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SERMON IV.

LUKE, X. 27, 28.

Thou shalt love the Lord thy God with all thy heart, and

with all thy soul, and with all thy strength, and with all thy mind; and thy neighbour as thyself.- This do, and thou shalt live.

WHEN I consider the religious systems of the Pagans, I find in them, as if scattered at random, the wild or the elegant products of poetic imagination; I find confounded together the mistakes of the understanding, and the consequences of the folly and corruption of mankind; and I infer that these cannot be the connecting links in the chain that binds earth to heaven—that if God hath spoken, these, at least, are not his words. When, again, I contemplate the confused mixture of wisdom and absurdity, of baseness and of grandeur, which constitutes what is called the religion of Mahomet, I recognise equally the fights of genius and the frauds of imposture; and I conclude, that such a monstrous compound of falsehood and truth cannot be the result of revelation : I see in it only the ingenious efforts of human policy adapting its contrivances to the tastes and habits of a particular quarter of the globe.

When, however, I examine the Gospel, and meditate its instructions as they are presented in all their native purity-such as they appear in the lesson contained in the text, (which St. Matthew relates as uttered by our Saviour, and not by the lawyer) my ideas expand, my whole soul is exalted-my heart throbs and glows within me; I presently conceive in what manner the Prophets were raised up, from the earliest times, to announce Christianity to the world; I conceive how they were enabled to indulge their lofty imaginations so far, without overstepping the simplicity of truth; I am instantly placed upon the sublime and mysterious point of union between God and man; and, at once admiring the harmony of the whole and the beauty of every part-the grandeur of the thoughts and the simplicity of the language of the Bible—I exclaim: Enoughthe Truth is here! So striking, so perfectly inimitable, are the characters in which it appears, that, urged by an irresistible conviction, I bow myself before the Almighty, and bless Him for the honour he, vouchsafes to lay upon man.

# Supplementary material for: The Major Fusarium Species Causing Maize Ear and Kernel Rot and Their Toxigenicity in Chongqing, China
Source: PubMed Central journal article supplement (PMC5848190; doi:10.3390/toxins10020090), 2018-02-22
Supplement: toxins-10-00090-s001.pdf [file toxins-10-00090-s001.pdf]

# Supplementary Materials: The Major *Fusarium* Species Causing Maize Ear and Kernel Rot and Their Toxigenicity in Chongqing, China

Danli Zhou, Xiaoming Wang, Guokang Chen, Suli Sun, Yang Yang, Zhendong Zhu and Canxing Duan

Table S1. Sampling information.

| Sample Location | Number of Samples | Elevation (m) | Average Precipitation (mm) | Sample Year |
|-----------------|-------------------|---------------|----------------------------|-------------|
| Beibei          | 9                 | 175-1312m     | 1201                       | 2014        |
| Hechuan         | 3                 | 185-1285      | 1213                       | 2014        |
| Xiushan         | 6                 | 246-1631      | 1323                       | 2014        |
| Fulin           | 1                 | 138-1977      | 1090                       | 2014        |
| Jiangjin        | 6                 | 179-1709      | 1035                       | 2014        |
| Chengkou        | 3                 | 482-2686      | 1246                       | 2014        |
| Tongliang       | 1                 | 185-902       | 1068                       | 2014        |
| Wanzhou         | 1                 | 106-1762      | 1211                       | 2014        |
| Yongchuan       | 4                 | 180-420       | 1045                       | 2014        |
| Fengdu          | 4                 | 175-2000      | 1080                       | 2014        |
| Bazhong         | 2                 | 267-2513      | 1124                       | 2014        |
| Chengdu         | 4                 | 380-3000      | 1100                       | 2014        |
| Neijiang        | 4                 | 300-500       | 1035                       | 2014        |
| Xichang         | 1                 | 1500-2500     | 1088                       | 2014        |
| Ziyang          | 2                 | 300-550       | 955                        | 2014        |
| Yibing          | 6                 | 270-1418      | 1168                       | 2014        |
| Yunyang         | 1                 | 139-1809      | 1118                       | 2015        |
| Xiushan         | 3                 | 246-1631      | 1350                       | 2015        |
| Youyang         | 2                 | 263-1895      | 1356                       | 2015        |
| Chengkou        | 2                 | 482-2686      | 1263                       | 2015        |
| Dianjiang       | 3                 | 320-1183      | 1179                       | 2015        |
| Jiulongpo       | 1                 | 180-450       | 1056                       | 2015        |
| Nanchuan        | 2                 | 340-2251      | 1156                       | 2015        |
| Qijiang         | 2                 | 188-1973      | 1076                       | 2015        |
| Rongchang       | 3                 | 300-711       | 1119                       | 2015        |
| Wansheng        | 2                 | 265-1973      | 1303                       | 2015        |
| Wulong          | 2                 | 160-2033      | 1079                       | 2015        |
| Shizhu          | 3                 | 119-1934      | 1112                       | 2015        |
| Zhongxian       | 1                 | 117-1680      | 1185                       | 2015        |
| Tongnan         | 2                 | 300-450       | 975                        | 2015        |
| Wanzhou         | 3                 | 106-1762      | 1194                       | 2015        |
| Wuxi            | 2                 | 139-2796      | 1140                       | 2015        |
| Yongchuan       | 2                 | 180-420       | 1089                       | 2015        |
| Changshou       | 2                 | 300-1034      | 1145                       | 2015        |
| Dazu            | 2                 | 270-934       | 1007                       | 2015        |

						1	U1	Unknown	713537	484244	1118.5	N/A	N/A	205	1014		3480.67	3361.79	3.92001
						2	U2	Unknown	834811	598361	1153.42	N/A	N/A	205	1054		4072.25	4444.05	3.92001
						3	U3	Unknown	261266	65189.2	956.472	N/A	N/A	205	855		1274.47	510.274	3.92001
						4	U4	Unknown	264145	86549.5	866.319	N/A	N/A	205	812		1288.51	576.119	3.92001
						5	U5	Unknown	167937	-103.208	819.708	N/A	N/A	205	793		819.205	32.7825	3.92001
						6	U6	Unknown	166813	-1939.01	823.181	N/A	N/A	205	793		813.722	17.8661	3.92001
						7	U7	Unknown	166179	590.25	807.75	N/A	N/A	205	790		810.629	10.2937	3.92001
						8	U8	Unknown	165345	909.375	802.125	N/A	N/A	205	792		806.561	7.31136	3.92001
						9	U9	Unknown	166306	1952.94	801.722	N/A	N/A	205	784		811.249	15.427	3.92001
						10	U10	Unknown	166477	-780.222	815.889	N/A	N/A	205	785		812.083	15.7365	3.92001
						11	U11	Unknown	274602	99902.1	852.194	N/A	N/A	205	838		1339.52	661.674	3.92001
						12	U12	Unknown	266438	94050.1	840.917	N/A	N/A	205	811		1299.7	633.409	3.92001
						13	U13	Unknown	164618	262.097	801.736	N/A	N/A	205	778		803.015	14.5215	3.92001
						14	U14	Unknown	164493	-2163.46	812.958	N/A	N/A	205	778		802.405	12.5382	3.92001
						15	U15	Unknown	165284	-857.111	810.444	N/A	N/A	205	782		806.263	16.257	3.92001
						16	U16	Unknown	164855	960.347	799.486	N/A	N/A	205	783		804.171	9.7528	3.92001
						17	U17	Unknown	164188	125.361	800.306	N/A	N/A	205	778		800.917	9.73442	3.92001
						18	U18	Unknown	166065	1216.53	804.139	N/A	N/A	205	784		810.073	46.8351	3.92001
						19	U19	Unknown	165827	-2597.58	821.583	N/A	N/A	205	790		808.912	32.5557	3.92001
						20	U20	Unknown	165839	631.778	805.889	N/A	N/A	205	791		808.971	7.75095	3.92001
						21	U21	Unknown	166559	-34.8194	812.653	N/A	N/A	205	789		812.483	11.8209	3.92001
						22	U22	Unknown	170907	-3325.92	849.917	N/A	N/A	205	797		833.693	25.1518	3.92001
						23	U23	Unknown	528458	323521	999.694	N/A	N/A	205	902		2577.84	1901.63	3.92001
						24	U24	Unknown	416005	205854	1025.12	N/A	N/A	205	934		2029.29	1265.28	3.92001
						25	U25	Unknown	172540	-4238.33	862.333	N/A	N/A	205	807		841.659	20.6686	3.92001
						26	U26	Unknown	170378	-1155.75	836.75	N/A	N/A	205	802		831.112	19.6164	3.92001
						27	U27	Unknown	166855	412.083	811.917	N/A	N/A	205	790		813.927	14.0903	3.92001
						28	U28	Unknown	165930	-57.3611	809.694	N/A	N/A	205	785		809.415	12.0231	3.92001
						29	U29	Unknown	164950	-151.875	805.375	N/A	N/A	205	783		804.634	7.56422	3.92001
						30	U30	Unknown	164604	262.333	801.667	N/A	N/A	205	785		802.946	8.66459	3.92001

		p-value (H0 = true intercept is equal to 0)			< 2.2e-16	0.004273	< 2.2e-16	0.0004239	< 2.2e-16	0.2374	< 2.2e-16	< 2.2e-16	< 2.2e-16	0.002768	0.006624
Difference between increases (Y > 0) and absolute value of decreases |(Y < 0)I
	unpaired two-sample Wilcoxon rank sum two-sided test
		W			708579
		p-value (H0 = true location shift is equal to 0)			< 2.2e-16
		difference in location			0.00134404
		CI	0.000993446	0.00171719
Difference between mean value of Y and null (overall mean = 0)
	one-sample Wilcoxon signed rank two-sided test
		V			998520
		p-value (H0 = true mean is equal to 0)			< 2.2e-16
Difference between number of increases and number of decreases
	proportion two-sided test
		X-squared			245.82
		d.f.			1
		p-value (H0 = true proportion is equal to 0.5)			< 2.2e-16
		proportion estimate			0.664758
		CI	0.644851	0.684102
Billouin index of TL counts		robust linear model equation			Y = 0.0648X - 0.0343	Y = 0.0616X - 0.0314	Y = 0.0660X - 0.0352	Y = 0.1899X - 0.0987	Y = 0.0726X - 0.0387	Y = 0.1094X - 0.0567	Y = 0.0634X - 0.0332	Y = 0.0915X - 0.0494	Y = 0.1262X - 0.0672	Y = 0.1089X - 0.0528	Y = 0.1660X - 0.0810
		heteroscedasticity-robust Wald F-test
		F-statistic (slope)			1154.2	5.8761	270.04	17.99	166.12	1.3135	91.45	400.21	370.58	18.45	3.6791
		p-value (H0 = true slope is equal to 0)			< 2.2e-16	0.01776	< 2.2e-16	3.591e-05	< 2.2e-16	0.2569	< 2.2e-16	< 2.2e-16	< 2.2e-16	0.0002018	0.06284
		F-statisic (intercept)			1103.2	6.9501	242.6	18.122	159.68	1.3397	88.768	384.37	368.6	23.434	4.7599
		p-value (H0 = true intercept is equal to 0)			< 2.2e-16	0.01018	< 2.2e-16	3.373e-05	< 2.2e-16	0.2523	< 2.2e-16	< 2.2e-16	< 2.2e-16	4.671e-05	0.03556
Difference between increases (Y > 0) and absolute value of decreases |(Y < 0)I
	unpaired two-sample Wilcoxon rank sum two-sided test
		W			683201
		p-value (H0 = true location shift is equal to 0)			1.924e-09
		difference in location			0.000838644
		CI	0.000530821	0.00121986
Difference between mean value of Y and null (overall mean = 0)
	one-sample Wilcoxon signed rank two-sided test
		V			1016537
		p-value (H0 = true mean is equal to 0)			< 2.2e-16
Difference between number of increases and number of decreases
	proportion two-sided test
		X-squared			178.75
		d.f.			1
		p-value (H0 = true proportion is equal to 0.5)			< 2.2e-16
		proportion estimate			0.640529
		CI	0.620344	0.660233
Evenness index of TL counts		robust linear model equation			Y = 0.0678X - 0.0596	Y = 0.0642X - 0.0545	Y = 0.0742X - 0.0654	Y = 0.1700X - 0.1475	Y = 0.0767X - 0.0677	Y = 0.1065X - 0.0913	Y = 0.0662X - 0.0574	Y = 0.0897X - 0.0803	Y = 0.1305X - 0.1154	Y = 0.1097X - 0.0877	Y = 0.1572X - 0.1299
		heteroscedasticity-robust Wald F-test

O Lord,I repeat with the Royal Psalmist, 66 Thou hast crowned him with glory and honour : thou hast made him but a little lower than the Angels.Filled with Thee, and with a sense of his own greatness, may he know and reverence himself : may his thoughts and desires be such as become the profession of that perfect Religion which thou hast given him in Jesus Christ !

I. The commandment of Christ which I have chosen for my text, displays the spirit and unfolds the grandeur of the Gospel. I see in Christianity, as it is displayed in that commandment-AN INSTITUTION

DESTINED

TO

BECOME UNIVERSAL;

AN

INSTITUTION

HONOURABLE TO THOSE WHO ARE REQUIRED

TO SUBMIT TO IT; AN INSTITUTION FRUIT

FUL IN VIRTUE.

1. The Gospel is destined to become an UNIVERSAL INSTITUTION. In proportion as, in the lapse of ages, knowledge is enlarged and the investigation of truth facilitated, other systems must lose their supporters, and Christianity must become more and more a rallying point for mankind.

Idolatry, perceiving that harmony of the universe, which proclaims everywhere the same Contriver and the same Creator, will blush for its images and be ashamed of its gods. Its votaries will learn, that the purification of the heart is more necessary than the oblation of sacrifices and the vain fumes of incense. Religions adapted to particular climates and races of men, precepts framed only for the slaves of a warm and susceptible fancy, cannot be made to regulate mankind in general. A servile worship and multiplied ablutions are useful only for a time; sensual rewards bear the

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